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Sunday, 21 September 2014


Over the years, Clint Smith has had many short stories published in leading periodicals. We asked him to collate them for Buzzword. The problem was he wrote stories in two areas - Women's mags and Men's mags. So he's collected stories from both areas and we've now published them separately. Below is his introduction to the collections - and, also, a story from the Men's anthology:

These stories are mostly 'commercial'—written to sell and to entertain. The majority have been published in magazines and anthologies and one even won an award.

As the young Smith wrote stories in two genres—male interest and romance. I've anthologised them in two books. VICIOUS TALES FROM MEN'S MAGAZINES and ROMANTIC STORIES FROM WOMEN'S MAGAZINES.

It was strange to troll through tales I'd written over forty years ago. I had no idea what many of them were, let alone how they ended. The only copies surviving, apart from a few tired photocopies, were in the magazines that ran them—magazines I'd stored way back then in a tin trunk in the shed.

In the trunk, I found most of the mags I'd sold to but not all. So all I have of some stories is a notebook listing titles and publications. The magazines I managed to keep are collectors' items now. For instance, The Women's Weekly was then tabloid sized. Woman's Day was larger, too. And the men's, mags published by an Australian outfit called K.G. Murray, are long defunct. As for Argosy, England's finest short story mag of the time, which had the format of a small paperback, even it died the death, probably a victim of TV.

As I wrote on a typewriter back then, the old Smith had to retype the young one's yarns laboriously from each magazine into the computer. Time doesn't destroy good yarns but it makes references and speech patterns outmoded.

So I edited and updated the tales as I went to help contemporary readers enjoy them. I doubt the young wordsmith would mind, as the old one, now author of several published books, knows far more about writing than he did. Still, it's been interesting to revisit his first successful tries at fiction and has even inspired me to write several more stories to round out the collections, which appear here for the first time.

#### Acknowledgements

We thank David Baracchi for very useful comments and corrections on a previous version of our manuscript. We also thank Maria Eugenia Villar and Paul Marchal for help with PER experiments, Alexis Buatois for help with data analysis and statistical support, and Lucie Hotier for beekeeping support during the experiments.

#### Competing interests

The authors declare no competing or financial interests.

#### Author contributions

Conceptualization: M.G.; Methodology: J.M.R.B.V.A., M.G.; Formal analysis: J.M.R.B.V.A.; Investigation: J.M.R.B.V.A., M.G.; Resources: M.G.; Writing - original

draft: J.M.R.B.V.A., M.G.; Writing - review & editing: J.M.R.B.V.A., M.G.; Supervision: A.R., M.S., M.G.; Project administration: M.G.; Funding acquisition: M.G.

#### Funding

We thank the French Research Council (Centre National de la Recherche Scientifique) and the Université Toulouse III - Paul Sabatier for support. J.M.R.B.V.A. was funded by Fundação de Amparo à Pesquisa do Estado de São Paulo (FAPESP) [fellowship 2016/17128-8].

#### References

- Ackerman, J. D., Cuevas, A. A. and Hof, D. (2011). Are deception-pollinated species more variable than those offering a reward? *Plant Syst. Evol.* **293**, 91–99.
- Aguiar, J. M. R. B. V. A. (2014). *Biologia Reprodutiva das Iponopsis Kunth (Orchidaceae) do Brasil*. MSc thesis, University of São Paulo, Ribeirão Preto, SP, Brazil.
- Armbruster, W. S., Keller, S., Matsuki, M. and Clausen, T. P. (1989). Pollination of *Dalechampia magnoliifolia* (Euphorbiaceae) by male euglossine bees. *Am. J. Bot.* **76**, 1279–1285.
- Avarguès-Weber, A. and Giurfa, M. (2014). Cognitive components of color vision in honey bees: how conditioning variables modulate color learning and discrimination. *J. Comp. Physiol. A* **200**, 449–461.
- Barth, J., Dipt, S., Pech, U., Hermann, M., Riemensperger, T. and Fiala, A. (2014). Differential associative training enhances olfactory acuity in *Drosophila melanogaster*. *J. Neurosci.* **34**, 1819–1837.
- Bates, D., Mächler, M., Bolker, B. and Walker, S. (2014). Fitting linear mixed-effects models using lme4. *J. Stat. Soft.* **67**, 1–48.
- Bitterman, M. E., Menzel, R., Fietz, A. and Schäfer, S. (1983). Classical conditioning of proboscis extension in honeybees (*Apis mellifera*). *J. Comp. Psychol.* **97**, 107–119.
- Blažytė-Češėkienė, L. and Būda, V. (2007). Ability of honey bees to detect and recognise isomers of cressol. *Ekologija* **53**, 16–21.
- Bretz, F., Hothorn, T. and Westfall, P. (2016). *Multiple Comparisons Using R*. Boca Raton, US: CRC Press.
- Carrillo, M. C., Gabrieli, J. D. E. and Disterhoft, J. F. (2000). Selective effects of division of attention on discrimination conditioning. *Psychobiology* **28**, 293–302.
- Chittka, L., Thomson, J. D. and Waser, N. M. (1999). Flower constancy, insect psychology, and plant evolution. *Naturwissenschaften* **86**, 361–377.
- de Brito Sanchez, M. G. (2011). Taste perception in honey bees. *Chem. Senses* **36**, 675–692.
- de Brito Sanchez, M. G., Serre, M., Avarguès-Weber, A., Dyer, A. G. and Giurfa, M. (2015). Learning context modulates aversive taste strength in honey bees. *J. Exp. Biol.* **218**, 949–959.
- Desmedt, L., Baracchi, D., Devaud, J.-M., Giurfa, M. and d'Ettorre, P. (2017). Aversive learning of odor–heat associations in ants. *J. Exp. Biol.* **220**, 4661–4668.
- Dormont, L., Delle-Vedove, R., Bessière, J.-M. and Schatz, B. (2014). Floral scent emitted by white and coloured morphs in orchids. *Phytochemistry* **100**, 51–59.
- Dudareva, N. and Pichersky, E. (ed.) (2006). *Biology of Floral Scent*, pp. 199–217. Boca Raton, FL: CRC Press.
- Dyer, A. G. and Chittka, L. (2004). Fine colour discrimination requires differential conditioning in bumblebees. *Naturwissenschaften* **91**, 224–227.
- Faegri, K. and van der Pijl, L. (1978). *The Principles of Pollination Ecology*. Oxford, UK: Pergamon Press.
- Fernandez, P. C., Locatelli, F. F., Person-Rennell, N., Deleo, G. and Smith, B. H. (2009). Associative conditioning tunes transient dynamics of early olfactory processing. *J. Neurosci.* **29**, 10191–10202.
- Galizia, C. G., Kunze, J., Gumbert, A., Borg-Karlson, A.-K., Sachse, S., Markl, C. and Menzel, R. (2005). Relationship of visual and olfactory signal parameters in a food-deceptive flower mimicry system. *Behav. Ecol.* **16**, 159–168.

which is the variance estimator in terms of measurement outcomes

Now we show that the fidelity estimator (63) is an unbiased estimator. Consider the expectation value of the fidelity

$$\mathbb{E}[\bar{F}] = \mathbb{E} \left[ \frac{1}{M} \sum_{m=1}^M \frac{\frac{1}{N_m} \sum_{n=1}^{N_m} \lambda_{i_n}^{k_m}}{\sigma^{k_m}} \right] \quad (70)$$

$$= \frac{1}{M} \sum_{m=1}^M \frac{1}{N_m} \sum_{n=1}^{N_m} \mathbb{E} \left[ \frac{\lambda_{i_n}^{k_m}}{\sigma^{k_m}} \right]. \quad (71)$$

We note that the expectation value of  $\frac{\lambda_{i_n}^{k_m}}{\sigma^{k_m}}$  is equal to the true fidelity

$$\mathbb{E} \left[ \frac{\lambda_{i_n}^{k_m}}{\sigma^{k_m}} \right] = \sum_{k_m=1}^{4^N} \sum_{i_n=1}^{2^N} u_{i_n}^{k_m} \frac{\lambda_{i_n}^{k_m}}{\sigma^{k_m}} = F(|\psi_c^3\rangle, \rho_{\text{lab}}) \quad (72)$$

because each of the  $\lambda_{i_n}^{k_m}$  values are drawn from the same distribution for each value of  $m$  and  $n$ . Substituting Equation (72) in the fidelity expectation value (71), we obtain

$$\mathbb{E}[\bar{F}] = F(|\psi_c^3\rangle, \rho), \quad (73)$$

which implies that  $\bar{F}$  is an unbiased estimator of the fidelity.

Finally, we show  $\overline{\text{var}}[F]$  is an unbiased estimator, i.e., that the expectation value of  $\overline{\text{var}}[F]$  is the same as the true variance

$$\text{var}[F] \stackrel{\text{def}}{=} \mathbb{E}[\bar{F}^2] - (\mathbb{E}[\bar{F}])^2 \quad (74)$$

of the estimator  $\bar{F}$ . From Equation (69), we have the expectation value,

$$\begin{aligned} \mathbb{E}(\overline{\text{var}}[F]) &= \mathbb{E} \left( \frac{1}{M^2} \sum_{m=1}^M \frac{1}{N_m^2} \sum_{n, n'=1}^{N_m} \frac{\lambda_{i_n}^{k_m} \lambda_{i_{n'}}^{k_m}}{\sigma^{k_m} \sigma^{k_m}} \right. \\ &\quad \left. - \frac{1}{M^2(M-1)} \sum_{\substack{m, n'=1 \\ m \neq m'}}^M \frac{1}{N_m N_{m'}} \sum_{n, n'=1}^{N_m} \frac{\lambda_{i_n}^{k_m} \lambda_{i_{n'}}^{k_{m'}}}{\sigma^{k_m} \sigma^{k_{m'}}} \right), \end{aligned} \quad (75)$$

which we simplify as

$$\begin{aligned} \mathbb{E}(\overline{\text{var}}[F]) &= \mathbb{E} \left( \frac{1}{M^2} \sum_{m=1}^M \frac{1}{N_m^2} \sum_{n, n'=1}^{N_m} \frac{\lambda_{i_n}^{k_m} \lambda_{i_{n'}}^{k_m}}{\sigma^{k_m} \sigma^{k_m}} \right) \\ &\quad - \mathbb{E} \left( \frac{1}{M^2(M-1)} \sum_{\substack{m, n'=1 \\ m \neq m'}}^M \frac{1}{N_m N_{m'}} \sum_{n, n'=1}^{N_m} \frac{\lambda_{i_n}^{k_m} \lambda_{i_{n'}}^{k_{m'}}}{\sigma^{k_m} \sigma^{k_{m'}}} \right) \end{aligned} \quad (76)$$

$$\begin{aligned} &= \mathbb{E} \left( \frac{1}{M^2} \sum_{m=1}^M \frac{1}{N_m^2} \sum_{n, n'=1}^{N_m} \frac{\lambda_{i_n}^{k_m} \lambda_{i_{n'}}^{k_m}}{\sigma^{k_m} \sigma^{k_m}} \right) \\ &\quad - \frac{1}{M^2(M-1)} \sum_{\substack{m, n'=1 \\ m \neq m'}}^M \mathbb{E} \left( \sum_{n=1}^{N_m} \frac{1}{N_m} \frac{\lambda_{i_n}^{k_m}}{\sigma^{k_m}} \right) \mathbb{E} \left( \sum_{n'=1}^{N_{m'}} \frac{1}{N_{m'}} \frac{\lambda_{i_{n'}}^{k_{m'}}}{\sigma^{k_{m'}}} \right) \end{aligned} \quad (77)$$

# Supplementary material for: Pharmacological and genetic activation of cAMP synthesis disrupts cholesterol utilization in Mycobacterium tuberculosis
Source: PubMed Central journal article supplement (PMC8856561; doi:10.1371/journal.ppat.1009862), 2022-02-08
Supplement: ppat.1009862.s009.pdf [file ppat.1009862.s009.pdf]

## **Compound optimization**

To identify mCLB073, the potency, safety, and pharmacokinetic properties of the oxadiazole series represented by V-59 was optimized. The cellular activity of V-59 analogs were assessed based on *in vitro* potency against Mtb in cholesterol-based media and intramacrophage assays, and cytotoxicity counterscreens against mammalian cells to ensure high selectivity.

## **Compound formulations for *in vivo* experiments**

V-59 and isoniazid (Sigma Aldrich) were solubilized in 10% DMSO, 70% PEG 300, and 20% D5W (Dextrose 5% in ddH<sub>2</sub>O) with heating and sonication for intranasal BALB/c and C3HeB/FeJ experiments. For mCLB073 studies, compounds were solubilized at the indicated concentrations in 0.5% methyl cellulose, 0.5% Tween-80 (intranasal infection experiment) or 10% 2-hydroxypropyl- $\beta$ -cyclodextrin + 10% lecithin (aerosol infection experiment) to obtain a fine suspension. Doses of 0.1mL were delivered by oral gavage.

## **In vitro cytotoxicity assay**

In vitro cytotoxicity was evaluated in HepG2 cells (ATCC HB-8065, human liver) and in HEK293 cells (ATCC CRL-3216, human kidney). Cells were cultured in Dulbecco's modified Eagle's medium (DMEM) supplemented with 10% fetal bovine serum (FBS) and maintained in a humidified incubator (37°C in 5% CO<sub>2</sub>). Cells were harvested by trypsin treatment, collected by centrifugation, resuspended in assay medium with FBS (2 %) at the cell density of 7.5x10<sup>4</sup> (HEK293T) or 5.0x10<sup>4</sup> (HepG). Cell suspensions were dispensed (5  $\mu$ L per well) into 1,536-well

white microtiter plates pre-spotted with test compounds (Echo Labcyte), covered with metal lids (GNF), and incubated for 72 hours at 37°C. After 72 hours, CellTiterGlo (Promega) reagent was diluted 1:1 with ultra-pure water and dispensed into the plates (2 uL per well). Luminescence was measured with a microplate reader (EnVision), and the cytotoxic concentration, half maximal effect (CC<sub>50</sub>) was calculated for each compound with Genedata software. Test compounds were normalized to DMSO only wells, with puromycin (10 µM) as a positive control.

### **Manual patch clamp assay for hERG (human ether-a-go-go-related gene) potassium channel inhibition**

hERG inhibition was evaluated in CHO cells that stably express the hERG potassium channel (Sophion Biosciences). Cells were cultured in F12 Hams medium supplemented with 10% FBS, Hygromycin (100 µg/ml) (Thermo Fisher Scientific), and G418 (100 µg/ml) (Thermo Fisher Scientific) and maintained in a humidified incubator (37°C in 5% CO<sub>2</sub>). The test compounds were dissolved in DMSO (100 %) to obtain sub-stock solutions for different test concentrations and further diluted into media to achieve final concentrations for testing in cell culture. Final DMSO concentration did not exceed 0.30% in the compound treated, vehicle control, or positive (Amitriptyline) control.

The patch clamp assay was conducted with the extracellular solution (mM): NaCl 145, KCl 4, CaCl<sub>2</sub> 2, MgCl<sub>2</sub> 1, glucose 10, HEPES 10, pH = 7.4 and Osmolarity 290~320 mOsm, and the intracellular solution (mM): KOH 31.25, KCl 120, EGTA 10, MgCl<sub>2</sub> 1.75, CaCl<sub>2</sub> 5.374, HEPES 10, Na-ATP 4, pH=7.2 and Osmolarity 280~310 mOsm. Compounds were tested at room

The stories in these collections aren’t the only Smith stories to appear. His more serious or 'literary' stories are in the anthology, TALES OF A COUNTRY TOWN. (As most stories in TALES have won literary awards, perhaps the 'literary' tag can stand.) TALES is also published by Buzzword Books.

Now, perhaps you'd like to read one of the latest yarns from the Men's series. This is an extra one I wrote specifically for the series. And - warning - it could seem a little weird to some:

He lifted the photocopier's lid and inserted the blank sheet of A4.
   He pressed COPY.
   A mechanical belch.
   A copy settled in the tray.
He aligned the sheets and slid them into the blue plastic folder—carefully, precisely, so that their edges met the inner seam.
   In a pitiless, pointless world, it was essential to be precise. Only intentional acts soothed the disaster blithely termed 'life'.
   Two secretaries walked behind him chatting.
   'Almost broke my ankle. Crippled for a week.'
   'Can't wear 'em. Tall enough. Hey, get thunder-thighs. Check her hair?'
   He entered the office kitchen, placed the folder on the bench and reached for the ripped plastic tube that enclosed nested Styrofoam cups. He freed a cup and held it under the spigot of the urn. As boiling water filled it, warmth spread against his palm. He didn't want water. He wanted the activity.
   Carefully, precisely, he poured the water into the sink—into the centre of the outlet—trying not to splash the sides. He lifted the folder precisely and walked back to his desk. The whole point was to split the attention. It needed precision and awareness of the breathing.
   The office was open-plan with partitions too low for seclusion. In the next work-station a man peered over the shoulder of a second.